Wednesday, November 19, 2008

The Last Lecture

The talk and then the book, “The Last Lecture” by Randy Pausch has been on the best-seller list for more than a year. I’d heard of it and kind of knew his story. Randy was a professor at Carnegie Mellon University in Pittsburgh who was diagnosed with pancreatic cancer. He was told that he had a few months to live. He gave his talk, the last lecture, at CMU, in which he offers advice and last words of wisdom. I put off reading or hearing this because I wasn’t ready to hear about more cancer but last week I got the book on CD to listen to it in the car. I expected to be moved and inspired.

Nope. By the end of the first CD I was pissed. I could not believe that this guy with three months to live wanted to spend all of his time working. Rather than spend time with his wife—whom he refers to as the love of his life and not with his three young children but working. With 90 days to go he spends most of his time writing, taping and editing this talk and later book. He gives the lecture at Carnegie Mellon and—this is my disappointment I’m sure—rather than say “stop and smell the roses” or “now I know what is really important” he spouts advice on ambition, working harder, achieving your goals and even how to organize your files. Success, recognition and celebration by others are what he is pitching. The guy is dying for God’s sake and he’s thinking about whether other people are impressed.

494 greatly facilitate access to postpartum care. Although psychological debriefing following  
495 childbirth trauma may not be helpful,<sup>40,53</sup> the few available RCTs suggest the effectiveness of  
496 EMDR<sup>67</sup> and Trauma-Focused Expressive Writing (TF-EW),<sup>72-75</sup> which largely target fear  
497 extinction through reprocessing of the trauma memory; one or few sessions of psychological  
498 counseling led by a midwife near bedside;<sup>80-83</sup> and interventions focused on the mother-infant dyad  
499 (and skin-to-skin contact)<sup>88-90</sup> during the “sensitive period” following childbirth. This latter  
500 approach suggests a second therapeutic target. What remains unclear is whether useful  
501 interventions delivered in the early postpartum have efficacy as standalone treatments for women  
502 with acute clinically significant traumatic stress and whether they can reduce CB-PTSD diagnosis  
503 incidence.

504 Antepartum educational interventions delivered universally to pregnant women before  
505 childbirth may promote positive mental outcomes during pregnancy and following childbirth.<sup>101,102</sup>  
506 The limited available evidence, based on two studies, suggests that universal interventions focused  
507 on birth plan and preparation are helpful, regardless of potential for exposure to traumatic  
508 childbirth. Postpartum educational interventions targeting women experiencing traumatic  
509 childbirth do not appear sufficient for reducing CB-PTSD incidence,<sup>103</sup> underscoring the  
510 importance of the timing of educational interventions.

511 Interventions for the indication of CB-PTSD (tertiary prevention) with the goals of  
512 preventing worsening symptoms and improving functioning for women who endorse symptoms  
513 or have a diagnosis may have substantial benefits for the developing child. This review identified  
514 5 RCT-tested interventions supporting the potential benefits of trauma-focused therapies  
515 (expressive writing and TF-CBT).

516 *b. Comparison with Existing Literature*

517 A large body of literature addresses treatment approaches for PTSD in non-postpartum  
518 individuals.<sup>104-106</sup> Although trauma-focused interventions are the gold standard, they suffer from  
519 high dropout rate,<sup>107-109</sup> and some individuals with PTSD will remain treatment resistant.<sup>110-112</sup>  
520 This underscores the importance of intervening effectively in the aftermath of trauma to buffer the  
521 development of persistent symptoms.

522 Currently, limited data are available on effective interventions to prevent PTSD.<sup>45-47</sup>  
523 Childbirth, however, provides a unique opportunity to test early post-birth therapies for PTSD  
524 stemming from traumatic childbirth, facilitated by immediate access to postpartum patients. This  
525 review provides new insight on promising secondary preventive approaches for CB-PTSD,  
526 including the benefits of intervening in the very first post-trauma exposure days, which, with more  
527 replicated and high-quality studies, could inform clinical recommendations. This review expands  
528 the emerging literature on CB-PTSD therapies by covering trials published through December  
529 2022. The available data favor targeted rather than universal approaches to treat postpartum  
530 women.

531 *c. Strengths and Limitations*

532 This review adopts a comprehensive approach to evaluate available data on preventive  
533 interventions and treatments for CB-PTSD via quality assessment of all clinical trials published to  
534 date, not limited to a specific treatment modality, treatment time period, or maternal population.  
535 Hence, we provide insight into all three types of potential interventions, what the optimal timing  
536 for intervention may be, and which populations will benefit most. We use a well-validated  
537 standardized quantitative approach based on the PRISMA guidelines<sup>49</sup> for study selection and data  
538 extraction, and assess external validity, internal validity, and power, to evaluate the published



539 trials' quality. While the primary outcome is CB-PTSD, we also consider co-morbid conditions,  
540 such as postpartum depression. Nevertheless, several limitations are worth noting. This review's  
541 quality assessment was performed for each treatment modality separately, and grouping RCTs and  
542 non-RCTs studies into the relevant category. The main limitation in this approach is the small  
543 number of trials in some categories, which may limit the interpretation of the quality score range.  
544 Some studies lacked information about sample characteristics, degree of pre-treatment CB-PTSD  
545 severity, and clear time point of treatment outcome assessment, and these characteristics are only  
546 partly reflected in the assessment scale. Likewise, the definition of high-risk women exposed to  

I kept thinking of what I have heard before: “We die the way we live.” If we live full of fear we will die full of fear, if we make life all about accomplishment then we’ll make our dying into an accomplishment too. That’s what Pausch seems to be doing in his Last Lecture.

Heresy? Yep. I seem to be a heretic—so yeah, that’s probably how I’ll die. The smarmy platitudes are lost on me. I’m sorry this guy died but I didn’t like him much. I kept thinking about his wife and how broken hearted it must be to realize that the man she loved and made a life with cannot—even in the last good days of his life—give her quality time—and wouldn’t even stay home with her on her birthday.

But all is not lost. There was value for me in hearing this book. Randy Pausch died as he lived and in that he had a kind of integrity. It’s not a life I’d like or a partner I’d like. But he was a success-seeking work-a-holic and he didn’t deny that part of himself or discard that even with just 90 days to go.

John and I have talked about how he spends his time and I have felt hurt about some of his choices, but Randy Pausch reminds me that this is not my life. It’s his life. The even bigger gift in this is that both of these men now inspire me—and even push me-- to go live my life.

1 comment:

Rich said...

Continued self-indulgence, self-deception, dishonesty, an internal mental whirlwind that always ends up just where it started.